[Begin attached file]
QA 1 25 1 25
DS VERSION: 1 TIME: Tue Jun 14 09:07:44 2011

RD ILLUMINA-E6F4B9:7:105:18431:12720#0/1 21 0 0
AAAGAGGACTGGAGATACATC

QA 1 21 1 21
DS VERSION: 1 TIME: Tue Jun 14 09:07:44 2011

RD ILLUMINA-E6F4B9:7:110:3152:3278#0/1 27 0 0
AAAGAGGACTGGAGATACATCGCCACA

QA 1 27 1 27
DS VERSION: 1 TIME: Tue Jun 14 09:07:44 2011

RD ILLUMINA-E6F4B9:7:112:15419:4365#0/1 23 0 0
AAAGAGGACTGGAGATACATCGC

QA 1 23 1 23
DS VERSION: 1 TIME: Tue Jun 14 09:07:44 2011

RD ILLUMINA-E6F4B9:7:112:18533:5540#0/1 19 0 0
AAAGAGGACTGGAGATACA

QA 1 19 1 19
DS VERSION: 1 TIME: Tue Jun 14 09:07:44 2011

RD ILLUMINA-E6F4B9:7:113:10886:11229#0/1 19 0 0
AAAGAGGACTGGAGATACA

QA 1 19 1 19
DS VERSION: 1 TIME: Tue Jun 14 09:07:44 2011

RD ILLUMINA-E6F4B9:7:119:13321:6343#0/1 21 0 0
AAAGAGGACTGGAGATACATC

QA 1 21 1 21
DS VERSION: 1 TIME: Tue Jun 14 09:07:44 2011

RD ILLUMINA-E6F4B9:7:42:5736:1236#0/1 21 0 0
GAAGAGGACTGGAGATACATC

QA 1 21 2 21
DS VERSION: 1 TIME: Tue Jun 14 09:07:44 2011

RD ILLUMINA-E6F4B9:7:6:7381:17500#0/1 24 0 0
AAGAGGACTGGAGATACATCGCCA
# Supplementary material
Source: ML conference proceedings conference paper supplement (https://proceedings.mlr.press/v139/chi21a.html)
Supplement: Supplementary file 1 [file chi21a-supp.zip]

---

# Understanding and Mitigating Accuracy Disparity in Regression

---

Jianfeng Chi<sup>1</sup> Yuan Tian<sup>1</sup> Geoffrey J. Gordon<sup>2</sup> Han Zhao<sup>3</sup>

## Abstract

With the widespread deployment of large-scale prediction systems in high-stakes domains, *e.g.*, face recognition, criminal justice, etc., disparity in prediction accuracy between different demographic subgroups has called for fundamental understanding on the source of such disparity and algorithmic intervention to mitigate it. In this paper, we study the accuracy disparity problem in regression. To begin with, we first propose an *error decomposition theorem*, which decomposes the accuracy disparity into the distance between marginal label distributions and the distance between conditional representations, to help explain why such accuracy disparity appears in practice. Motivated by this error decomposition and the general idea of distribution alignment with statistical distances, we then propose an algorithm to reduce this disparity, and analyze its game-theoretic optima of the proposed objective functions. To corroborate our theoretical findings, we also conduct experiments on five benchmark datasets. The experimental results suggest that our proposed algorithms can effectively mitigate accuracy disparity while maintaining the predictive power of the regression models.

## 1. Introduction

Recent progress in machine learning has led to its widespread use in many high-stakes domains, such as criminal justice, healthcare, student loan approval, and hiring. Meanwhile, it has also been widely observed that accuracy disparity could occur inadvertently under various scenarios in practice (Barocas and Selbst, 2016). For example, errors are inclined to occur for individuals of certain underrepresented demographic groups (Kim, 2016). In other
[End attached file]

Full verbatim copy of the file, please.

QA 1 25 1 25
DS VERSION: 1 TIME: Tue Jun 14 09:07:44 2011

RD ILLUMINA-E6F4B9:7:105:18431:12720#0/1 21 0 0
AAAGAGGACTGGAGATACATC

QA 1 21 1 21
DS VERSION: 1 TIME: Tue Jun 14 09:07:44 2011

RD ILLUMINA-E6F4B9:7:110:3152:3278#0/1 27 0 0
AAAGAGGACTGGAGATACATCGCCACA

QA 1 27 1 27
DS VERSION: 1 TIME: Tue Jun 14 09:07:44 2011

RD ILLUMINA-E6F4B9:7:112:15419:4365#0/1 23 0 0
AAAGAGGACTGGAGATACATCGC

QA 1 23 1 23
DS VERSION: 1 TIME: Tue Jun 14 09:07:44 2011

RD ILLUMINA-E6F4B9:7:112:18533:5540#0/1 19 0 0
AAAGAGGACTGGAGATACA

QA 1 19 1 19
DS VERSION: 1 TIME: Tue Jun 14 09:07:44 2011

RD ILLUMINA-E6F4B9:7:113:10886:11229#0/1 19 0 0
AAAGAGGACTGGAGATACA

QA 1 19 1 19
DS VERSION: 1 TIME: Tue Jun 14 09:07:44 2011

RD ILLUMINA-E6F4B9:7:119:13321:6343#0/1 21 0 0
AAAGAGGACTGGAGATACATC

QA 1 21 1 21
DS VERSION: 1 TIME: Tue Jun 14 09:07:44 2011

RD ILLUMINA-E6F4B9:7:42:5736:1236#0/1 21 0 0
GAAGAGGACTGGAGATACATC

QA 1 21 2 21
DS VERSION: 1 TIME: Tue Jun 14 09:07:44 2011

RD ILLUMINA-E6F4B9:7:6:7381:17500#0/1 24 0 0
AAGAGGACTGGAGATACATCGCCA
# Supplementary material
Source: ML conference proceedings conference paper supplement (https://proceedings.mlr.press/v139/chi21a.html)
Supplement: Supplementary file 1 [file chi21a-supp.zip]

---

# Understanding and Mitigating Accuracy Disparity in Regression

---

Jianfeng Chi<sup>1</sup> Yuan Tian<sup>1</sup> Geoffrey J. Gordon<sup>2</sup> Han Zhao<sup>3</sup>

## Abstract

With the widespread deployment of large-scale prediction systems in high-stakes domains, *e.g.*, face recognition, criminal justice, etc., disparity in prediction accuracy between different demographic subgroups has called for fundamental understanding on the source of such disparity and algorithmic intervention to mitigate it. In this paper, we study the accuracy disparity problem in regression. To begin with, we first propose an *error decomposition theorem*, which decomposes the accuracy disparity into the distance between marginal label distributions and the distance between conditional representations, to help explain why such accuracy disparity appears in practice. Motivated by this error decomposition and the general idea of distribution alignment with statistical distances, we then propose an algorithm to reduce this disparity, and analyze its game-theoretic optima of the proposed objective functions. To corroborate our theoretical findings, we also conduct experiments on five benchmark datasets. The experimental results suggest that our proposed algorithms can effectively mitigate accuracy disparity while maintaining the predictive power of the regression models.

## 1. Introduction

Recent progress in machine learning has led to its widespread use in many high-stakes domains, such as criminal justice, healthcare, student loan approval, and hiring. Meanwhile, it has also been widely observed that accuracy disparity could occur inadvertently under various scenarios in practice (Barocas and Selbst, 2016). For example, errors are inclined to occur for individuals of certain underrepresented demographic groups (Kim, 2016). In other